This is a continuation of a series of posts on the Nikon D850. The series starts here. You should be able to find all the posts about that camera in the Category List on the right sidebar, below the Articles widget. There’s a drop-down menu there that you can use to get to all the posts in this series; just look for “D850”.
In the previous post, I reported on my progress in developing a software tool to process image sets made of a LensAlign target to produce the sort of results that FocusTune does: focus distance versus AF Adjust setting. I promised that I would next take the tool to places that FocusTune doesn’t go. I’m delivering on that promise now.
I added some code to my Matlab program to analyze a set of images taken at the same AF Adjust setting and different f-stops and plot the location of the focus distance as a function of f-stop rather than AF Adjust setting.
I tried it out on a set of images from the Nikon 105 mm f/1.4 lens on a D850 at 10 feet, ISO 64, focusing once manually at the beginning of the series, and making 10 or 11 images at the whole f-stops from f/1.4 through f/8. Here’s the result for the AdobeRGB green channel:
All image points are plotted, 10 or 11 for each f-stop. Back-focusing is indicated by positive y-axis numbers and front-focusing by negative ones. I focused the first image with CDAF wide open, and got a small amount of front focusing, but I’m not totally confident in the location of the target plane right now, so don’t put much stock in that. The green line is the average for each stop. As you can see, the spread in the data for each stop is quite small, with the possible exception of one point at f/4. This gives me some confidence in the tool that I’ve written.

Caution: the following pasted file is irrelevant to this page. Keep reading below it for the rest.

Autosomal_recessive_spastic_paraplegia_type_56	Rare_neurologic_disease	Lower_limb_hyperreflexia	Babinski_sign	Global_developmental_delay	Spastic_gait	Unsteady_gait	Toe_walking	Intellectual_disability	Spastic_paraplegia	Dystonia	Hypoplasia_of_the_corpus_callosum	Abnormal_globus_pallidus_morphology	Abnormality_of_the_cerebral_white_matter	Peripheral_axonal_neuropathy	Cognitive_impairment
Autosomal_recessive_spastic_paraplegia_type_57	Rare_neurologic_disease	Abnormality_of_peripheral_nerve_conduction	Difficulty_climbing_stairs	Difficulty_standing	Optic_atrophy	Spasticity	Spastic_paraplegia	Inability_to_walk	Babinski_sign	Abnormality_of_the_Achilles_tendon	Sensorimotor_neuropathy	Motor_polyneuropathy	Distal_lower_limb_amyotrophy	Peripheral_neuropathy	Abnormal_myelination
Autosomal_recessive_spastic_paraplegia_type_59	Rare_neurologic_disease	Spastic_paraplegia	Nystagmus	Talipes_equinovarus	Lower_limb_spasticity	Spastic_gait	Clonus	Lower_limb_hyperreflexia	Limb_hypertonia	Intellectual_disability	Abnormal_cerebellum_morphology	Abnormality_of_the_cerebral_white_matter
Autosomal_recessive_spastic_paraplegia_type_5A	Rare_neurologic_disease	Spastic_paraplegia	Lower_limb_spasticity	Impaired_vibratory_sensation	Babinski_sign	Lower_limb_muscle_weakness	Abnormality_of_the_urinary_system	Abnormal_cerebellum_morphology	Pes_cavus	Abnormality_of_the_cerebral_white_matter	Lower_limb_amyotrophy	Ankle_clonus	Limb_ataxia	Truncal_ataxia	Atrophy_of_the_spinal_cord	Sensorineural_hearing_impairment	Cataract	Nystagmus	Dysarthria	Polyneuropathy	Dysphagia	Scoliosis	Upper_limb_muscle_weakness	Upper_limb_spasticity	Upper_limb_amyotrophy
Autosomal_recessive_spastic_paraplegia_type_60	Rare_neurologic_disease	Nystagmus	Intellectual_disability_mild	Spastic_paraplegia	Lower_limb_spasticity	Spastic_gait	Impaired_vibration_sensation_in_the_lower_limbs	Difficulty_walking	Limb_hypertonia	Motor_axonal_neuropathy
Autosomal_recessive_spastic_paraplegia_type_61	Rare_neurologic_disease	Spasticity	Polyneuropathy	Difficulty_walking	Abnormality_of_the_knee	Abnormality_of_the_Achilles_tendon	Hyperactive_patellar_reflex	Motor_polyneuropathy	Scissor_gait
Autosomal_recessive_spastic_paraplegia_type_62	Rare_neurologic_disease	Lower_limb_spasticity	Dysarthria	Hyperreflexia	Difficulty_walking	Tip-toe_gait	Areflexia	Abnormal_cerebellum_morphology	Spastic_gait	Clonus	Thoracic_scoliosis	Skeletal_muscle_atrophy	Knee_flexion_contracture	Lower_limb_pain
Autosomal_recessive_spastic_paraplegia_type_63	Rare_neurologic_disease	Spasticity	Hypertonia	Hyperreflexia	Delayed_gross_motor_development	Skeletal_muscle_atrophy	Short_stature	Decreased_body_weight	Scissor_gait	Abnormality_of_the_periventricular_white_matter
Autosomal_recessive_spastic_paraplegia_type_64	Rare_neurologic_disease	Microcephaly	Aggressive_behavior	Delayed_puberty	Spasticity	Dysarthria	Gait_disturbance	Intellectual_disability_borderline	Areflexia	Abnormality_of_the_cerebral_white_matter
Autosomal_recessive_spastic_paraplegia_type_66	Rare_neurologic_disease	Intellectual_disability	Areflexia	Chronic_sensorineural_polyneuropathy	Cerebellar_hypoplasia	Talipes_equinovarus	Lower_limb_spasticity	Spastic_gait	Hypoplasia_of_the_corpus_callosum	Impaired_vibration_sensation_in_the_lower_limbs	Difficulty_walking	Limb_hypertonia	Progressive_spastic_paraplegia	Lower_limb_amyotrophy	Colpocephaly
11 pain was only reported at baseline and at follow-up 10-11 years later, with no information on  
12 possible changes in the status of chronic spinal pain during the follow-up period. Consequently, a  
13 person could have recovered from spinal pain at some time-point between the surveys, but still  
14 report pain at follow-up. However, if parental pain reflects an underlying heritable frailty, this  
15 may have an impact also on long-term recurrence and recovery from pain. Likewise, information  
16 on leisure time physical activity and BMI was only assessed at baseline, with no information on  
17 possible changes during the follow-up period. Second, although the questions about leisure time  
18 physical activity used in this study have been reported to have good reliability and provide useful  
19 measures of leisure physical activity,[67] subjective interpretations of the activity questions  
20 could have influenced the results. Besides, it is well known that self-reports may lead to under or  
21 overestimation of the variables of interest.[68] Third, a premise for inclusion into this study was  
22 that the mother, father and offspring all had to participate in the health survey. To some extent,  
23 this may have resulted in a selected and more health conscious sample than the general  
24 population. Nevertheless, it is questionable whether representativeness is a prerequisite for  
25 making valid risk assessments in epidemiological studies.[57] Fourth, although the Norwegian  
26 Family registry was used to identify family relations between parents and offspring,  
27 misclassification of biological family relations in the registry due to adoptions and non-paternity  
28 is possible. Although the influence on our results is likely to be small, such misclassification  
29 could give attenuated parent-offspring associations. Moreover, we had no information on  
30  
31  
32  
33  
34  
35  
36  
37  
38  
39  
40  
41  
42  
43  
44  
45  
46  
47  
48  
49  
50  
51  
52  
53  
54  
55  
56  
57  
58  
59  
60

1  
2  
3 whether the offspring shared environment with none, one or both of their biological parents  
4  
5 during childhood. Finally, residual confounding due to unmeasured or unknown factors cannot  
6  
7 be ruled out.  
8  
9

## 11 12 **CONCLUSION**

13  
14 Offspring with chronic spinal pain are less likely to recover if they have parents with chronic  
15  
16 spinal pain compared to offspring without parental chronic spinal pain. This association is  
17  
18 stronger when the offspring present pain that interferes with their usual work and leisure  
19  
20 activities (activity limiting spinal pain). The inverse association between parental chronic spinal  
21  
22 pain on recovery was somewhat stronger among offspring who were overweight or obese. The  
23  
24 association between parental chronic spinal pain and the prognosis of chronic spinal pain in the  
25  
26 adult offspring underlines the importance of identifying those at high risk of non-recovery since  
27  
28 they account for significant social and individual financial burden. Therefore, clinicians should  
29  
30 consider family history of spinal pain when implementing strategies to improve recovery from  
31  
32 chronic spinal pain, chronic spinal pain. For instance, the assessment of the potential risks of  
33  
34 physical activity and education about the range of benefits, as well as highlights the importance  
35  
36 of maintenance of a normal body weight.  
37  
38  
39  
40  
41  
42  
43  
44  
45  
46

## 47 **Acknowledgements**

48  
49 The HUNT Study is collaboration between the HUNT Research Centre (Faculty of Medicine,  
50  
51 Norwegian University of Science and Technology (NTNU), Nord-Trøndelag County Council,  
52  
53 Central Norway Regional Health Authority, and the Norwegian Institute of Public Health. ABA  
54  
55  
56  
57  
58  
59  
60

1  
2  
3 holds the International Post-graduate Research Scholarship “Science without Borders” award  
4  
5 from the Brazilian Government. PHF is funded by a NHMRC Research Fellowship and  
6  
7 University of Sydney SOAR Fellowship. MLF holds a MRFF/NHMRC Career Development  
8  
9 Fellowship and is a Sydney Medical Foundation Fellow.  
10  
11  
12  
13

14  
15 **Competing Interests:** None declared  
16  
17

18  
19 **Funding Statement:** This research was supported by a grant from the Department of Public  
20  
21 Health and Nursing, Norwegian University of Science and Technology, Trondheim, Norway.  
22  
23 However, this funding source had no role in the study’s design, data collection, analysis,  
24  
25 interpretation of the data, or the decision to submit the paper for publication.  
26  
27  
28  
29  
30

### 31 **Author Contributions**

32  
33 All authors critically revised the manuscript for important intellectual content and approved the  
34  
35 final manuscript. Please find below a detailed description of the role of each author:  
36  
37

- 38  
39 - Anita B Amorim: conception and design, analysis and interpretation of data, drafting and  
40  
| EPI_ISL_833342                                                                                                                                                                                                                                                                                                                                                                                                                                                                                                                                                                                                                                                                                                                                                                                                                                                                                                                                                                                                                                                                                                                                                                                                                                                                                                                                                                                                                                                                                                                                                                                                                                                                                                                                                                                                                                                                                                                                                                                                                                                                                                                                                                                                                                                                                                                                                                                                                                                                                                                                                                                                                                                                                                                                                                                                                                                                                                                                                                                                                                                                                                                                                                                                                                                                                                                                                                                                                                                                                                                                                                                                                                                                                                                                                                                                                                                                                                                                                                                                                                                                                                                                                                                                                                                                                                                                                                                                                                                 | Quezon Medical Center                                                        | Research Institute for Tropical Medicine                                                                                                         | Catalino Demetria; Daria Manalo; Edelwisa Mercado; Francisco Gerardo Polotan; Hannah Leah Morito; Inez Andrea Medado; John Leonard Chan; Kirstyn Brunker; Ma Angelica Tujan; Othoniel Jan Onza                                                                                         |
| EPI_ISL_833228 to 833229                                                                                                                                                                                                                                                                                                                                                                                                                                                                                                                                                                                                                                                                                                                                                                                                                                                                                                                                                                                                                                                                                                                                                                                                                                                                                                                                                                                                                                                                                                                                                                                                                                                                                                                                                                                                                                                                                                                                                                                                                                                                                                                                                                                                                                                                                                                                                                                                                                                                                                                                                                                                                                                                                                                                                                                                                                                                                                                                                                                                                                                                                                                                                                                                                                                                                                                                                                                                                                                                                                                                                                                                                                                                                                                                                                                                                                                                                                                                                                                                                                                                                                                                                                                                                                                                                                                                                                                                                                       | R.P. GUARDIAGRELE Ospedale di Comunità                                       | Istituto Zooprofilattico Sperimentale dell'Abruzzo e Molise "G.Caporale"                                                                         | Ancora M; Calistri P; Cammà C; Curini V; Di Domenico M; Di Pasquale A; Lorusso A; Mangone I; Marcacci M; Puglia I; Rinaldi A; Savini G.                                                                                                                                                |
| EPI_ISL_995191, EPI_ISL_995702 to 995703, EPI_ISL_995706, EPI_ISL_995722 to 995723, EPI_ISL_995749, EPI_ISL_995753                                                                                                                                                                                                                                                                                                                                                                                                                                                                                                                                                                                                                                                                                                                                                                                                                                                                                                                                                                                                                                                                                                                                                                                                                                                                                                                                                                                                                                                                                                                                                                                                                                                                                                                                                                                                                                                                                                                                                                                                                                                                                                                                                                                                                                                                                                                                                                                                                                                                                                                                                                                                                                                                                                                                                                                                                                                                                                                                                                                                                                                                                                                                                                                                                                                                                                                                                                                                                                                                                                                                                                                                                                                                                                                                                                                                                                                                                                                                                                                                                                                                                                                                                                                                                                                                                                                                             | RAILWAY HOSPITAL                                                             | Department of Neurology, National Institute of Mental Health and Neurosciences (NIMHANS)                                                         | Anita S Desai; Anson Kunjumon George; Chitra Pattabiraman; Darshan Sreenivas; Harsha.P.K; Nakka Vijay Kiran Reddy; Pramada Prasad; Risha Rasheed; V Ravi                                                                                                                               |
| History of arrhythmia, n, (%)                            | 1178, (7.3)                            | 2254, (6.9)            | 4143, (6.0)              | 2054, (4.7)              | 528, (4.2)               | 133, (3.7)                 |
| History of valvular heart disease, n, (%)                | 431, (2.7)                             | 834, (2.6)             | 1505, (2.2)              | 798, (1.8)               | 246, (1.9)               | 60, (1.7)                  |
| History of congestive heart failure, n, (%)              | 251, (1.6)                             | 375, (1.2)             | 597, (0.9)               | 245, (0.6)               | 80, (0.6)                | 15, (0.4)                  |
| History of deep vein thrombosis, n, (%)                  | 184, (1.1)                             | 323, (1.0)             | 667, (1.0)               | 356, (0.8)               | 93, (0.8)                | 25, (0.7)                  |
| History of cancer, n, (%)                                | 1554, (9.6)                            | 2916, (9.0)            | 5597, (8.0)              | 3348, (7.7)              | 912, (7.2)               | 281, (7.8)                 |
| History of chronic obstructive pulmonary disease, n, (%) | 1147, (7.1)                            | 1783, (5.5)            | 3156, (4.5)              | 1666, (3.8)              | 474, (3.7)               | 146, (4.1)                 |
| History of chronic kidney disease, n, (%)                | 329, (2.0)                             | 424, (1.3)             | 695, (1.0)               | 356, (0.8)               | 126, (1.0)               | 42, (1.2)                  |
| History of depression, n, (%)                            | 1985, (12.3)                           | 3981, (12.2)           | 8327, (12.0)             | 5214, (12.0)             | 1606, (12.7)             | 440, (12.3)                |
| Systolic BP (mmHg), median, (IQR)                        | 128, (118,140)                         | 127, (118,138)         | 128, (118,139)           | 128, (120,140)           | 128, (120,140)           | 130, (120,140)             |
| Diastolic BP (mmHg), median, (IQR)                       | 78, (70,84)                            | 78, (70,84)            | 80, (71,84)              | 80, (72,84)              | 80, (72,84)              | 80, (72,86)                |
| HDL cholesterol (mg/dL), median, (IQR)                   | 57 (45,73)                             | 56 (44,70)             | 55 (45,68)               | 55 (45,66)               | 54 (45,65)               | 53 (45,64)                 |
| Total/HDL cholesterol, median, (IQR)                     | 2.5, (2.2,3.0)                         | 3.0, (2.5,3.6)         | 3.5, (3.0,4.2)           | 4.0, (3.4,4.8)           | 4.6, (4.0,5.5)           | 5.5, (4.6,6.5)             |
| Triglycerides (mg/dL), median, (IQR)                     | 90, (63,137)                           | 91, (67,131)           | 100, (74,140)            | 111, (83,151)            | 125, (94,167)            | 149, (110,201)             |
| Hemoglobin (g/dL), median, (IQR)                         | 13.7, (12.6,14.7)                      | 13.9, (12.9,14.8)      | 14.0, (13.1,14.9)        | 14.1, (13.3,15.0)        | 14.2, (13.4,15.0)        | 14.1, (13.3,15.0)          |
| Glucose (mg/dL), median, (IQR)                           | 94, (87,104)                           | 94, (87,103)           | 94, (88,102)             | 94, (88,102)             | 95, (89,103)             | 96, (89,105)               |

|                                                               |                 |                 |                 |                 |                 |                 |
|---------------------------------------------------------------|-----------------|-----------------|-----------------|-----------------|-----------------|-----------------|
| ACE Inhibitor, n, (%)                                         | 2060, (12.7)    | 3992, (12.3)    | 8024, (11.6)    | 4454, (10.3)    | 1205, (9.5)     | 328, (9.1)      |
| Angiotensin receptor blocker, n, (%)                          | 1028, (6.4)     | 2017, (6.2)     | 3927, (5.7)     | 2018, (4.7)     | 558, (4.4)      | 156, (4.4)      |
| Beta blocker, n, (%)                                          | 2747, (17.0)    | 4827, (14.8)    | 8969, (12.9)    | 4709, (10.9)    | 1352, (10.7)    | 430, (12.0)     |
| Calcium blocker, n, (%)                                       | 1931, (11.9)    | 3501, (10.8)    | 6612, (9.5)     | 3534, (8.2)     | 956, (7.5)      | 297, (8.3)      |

You can also see quite a bit of focus shift as the lens is stopped down, which I’ve observed using other analysis methods. By f/4, the shift has virtually ceased, according to these measurements.
Now let’s look at all three AdobeRGB channels:
You can see that the red channel is back-focused with respect to the other two channels. This is a consequence of the 105/1.4’s longitudinal chromatic aberration (LoCA).
When I use the D850’s contrast-detection autofocus (CDAF) on every shot in a similar series, here is what the green channel data looks like:
Note that the vertical scale if much expanded; the CDAF spread over all stops is much lower than the focus-once spread.
Here are all three color planes:
It looks like CDAF is optimizing the green focus at the expense of the red channel. That is exactly what it should do.
If we use phase-detection autofocus (PDAF) for each shot in a similar set, here’s what we get for the green channel:
Note that the average focus shift with f-stop is about the same quantitative as with the focus-once graph at the top of this page. That indicates to me that Nikon is not compensating for the lens’ focus shift in its D850 PDAF firmware.
Note also that the spread for the PDAF data point at each f-stop is greater than with CDAF. Simply put, Nikon’s D850 PDAF is not as consistent as the CDAF method.
Here is the result for all three channels:
In this chart, we can see both the LoCA and the focus shift with aperture.
Now that I have what appears to be a good tool for analysing AF system accuracy and consistancy, as well as LoCA and focus shift, I can — and will — apply it to other lenses.